Throughout their journeys, the young activists and influencers discovered that individuals have had a great impact in the communities they serve.
Driven by passion sometimes these individuals would face hostile predicaments from the same communities they try to protect.
We have read in the last episodes, of some of the heroic feats being led by different individuals in the regions visited by our five influencers.
From the couple in Singida who decided to use their experience to teach other people on the effects of FGM, to FGM survivors, former ngaribas (women performing FGM/cutters) and traditional elders who, in one way or another, have made personal initiatives to expel FGM practices from their communities.
In this episode we will highlight two individuals who go that extra mile as part of their daily lives in ensuring a Tanzania free from female genital mutilation (FGM).
During the discussion between Diana Lukumay, the young activists advocating against FGM, and Namaiyani, who is an ex-cutter from Arusha region, it became apparent that fight against FGM is tough and requires constant and courageous initiatives:
“They label us crazy and misleading, because of advocating against FGM. We try our best to reach as many girls as possible but our resources are limited. For instance, I have a family to take care of and I have a husband. Men don’t like us to advocate against FGM. At times I have to walk more than 20km or 30km to raise awareness about the effects of FGM.
There are children who do not go to school. I’m glad with the recent efforts from the government more children are going to school, but some parents still keep their children from going to school. For instance, I know three girls that could only start primary school at 15 years of age because their fathers had betrothed them and received their bride price.
I made personal efforts to talk to their mothers and find ways to enroll them in school because that was the only way to keep them from being married off. One of them said she was scared of her husband’s reaction so I went to speak to the school teachers. We planned that the mother would take the girl to the village clinic and the teacher would come to the clinic and order the mother to enroll the girl in school. Then, the mother would go home crying and saying that the teachers had forced their daughter to go to school and there was nothing she could do about it. At least that way she would not get in trouble with the husband and the girl would go to school. There are so many more girls in the villages who are not enrolled in school.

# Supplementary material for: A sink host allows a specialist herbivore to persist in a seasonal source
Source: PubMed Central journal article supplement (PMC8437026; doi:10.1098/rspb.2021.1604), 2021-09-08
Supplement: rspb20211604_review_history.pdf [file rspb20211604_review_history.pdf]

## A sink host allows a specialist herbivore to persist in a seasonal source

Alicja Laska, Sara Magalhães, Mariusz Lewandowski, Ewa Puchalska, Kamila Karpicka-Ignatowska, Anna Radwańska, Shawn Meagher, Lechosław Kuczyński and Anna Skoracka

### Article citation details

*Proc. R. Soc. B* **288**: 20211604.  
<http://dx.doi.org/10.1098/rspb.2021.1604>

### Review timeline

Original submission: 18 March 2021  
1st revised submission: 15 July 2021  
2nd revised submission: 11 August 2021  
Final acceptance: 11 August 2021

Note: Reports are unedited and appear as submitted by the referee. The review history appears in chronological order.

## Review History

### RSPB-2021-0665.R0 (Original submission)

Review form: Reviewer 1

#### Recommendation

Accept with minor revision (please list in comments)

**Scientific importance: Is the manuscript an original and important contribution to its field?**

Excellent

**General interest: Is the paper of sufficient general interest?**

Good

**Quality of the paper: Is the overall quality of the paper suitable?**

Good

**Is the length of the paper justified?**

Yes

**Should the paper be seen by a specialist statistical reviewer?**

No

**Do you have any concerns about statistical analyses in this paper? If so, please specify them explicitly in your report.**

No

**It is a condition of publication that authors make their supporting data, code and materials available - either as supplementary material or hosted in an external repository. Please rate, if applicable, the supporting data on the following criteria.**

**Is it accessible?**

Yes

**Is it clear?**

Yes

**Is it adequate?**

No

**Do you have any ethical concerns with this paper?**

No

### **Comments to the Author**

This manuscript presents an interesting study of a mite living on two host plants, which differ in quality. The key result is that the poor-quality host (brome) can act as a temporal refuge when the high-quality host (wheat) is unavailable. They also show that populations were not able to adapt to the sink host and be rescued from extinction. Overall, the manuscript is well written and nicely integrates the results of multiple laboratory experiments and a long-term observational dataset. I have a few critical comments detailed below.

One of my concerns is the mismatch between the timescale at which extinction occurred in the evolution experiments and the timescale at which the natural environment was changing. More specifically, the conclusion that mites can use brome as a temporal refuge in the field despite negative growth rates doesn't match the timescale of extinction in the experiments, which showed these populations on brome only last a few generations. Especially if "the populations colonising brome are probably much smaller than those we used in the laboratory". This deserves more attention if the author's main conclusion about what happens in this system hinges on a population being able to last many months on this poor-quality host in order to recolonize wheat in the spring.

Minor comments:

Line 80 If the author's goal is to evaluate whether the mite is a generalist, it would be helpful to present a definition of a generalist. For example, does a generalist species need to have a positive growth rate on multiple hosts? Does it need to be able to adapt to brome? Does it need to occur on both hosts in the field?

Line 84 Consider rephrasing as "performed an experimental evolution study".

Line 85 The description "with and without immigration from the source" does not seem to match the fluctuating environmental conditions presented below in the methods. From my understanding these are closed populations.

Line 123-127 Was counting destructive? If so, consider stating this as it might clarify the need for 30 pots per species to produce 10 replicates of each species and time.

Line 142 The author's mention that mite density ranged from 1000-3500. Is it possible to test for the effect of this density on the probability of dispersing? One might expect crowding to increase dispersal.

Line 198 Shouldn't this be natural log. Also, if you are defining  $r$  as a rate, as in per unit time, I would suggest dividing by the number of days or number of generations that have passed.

I have seen a lot of pain that women go through. We need to emancipate women and girls. They are the future. We need to do more in rural areas.”
Further north in Mara region, more than 2,500 girls have been rescued by the ATFGM Masanga Centre between 2008 and 2017, while another 400+ were rescued from FGM in 2018.
Valerian is a young programme officer working at Masanga Centre. Valerian spoke to Rebeca Gyumi, the activist who visited Mara region, on his experiences addressing FGM in the area:
“There is one incident that will never be erased from my mind. It concerns a girl who was about to be sacrificed because she had become pregnant before undergoing FGM. Her father had passed away around the same time she was pregnant. Two weeks after he was buried and the elders had come to conclude the funeral rites, they said that the father had died because the daughter had gotten pregnant out of wedlock and was not excised. They said she was a curse in the family. They planned to sacrifice her in a forest in Serengeti.
I was informed of this incident and asked for the office car. I went to ask for the support from the police and together we followed up on this. We found them in the forest about to sacrifice the girl who was unconscious at the time. We took her to the hospital and when she became conscious she told us all that had transpired. Unfortunately, we never found the elder who had initiated the ritual to sacrifice the girl, and even her mother had disappeared.
There are so many incidences where I have risked my life but I believe it was all worth it because I cannot stand to see a child harmed in any way. I believe the most important thing is to change the mindset of the people through education and capacity building.
I remember after I graduated and I decided to come to Mara from Dar es Salaam how my friends and peers discouraged me. They did not think it was a good idea to come and address issues that were enrooted in people’s culture for hundreds of years. But I was not discouraged and I do not regret coming here,” concluded Valerian.
Namaiyani and Valerian are individuals who represent diverse demographics, but they have one main thing in common: they both want a community free from FGM, free from all forms of gender based violence. In their everyday lives, they live to make a difference.